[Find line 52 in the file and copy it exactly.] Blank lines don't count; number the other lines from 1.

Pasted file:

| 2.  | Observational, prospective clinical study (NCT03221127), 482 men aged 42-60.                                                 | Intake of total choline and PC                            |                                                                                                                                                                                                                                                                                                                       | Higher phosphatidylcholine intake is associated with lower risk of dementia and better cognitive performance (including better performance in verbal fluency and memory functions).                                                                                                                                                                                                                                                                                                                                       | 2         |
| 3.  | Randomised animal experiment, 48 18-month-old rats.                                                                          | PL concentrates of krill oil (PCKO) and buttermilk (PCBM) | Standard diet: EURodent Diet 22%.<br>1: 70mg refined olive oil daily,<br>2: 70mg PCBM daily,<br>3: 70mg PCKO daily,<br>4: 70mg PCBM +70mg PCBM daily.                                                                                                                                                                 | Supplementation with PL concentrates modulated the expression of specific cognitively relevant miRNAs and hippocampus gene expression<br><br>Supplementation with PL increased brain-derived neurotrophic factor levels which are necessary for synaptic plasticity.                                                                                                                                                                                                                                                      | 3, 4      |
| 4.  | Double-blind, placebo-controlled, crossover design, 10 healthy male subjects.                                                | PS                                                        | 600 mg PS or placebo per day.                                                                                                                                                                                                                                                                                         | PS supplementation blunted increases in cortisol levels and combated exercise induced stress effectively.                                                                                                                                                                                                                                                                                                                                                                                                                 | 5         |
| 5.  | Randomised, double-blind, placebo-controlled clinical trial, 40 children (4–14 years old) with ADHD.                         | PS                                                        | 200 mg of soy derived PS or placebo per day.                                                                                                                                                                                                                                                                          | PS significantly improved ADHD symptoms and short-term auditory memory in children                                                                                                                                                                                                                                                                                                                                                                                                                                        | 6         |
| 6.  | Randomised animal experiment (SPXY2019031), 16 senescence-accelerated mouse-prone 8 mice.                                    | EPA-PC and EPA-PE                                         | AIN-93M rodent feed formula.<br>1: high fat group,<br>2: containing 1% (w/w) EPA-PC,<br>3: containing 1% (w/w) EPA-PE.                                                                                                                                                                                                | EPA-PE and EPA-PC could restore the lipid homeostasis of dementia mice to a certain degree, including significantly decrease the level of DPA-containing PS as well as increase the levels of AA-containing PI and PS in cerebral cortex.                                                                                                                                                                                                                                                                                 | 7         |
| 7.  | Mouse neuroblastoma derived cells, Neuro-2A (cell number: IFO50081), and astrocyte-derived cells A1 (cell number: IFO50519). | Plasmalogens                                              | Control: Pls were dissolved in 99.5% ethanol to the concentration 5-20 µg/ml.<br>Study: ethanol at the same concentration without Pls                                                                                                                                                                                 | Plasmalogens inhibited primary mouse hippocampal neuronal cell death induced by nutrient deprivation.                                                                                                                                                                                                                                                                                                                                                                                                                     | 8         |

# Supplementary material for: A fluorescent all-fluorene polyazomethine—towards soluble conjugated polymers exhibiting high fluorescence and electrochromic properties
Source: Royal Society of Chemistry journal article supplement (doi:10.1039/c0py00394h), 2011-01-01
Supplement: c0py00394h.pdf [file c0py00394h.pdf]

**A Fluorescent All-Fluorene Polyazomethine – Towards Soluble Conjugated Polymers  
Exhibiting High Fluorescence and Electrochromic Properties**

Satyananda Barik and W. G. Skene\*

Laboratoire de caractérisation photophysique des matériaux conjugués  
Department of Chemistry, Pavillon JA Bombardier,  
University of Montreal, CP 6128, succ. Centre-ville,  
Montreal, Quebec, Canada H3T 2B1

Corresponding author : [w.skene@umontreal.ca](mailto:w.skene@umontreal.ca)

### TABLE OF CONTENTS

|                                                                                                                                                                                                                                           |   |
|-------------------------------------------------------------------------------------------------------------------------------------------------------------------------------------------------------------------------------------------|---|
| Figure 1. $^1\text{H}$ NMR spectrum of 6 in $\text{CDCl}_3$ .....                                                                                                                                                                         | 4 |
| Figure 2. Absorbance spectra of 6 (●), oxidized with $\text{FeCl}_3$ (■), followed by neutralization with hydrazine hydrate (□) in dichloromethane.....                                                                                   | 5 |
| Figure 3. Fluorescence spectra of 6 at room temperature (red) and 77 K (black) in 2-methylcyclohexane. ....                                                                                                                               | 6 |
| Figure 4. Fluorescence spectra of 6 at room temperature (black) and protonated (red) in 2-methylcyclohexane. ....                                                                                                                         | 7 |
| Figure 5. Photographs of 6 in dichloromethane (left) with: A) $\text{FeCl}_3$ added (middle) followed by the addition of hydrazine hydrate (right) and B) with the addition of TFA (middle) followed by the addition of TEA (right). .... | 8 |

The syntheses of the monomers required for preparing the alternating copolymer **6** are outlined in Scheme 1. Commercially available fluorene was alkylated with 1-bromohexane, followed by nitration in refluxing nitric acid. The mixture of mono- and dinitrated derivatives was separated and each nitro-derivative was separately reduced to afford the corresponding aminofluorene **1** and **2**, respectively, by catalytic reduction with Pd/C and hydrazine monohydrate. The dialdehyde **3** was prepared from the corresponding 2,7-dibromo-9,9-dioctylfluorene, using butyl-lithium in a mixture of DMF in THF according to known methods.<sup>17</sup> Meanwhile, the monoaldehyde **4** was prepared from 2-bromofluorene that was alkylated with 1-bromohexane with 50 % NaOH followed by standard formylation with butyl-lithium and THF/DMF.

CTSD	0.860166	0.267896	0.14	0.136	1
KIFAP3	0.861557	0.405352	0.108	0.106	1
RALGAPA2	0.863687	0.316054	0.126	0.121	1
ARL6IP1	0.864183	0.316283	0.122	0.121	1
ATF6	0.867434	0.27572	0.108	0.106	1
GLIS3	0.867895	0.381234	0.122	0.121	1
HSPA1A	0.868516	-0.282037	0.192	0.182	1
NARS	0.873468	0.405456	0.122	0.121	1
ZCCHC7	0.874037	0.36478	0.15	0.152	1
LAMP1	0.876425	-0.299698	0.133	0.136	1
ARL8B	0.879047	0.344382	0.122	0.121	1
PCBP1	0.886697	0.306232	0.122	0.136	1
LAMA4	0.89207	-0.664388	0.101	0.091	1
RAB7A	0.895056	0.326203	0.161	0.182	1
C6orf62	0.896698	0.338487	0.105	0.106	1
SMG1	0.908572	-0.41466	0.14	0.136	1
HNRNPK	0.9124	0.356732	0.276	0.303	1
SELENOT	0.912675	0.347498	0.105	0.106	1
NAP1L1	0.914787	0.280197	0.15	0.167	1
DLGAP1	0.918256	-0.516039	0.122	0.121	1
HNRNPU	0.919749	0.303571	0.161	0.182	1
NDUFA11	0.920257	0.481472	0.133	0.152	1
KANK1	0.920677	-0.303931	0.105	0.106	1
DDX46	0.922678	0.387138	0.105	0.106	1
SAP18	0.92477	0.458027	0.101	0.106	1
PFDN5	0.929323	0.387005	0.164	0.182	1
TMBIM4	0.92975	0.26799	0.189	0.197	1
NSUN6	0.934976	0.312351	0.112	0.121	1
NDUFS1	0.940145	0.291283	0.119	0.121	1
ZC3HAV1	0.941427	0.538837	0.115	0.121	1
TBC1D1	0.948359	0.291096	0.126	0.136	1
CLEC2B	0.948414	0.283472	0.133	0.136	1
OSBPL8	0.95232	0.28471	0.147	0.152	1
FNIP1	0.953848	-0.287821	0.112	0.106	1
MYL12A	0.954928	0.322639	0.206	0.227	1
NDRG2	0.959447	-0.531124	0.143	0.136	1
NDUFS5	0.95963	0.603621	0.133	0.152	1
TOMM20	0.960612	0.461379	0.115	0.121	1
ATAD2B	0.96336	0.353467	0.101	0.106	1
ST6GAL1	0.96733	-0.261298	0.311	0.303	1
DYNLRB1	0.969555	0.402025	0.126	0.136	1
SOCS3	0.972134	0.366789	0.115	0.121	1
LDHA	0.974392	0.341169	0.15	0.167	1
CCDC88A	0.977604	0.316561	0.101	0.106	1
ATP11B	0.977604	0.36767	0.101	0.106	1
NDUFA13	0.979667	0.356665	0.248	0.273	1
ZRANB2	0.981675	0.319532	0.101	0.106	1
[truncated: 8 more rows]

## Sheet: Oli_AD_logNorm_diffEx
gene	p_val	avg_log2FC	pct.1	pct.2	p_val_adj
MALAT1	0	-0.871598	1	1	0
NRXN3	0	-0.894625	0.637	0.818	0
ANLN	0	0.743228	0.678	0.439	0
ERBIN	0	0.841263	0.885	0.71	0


PFDN5	0.929323	0.387005	0.164	0.182	1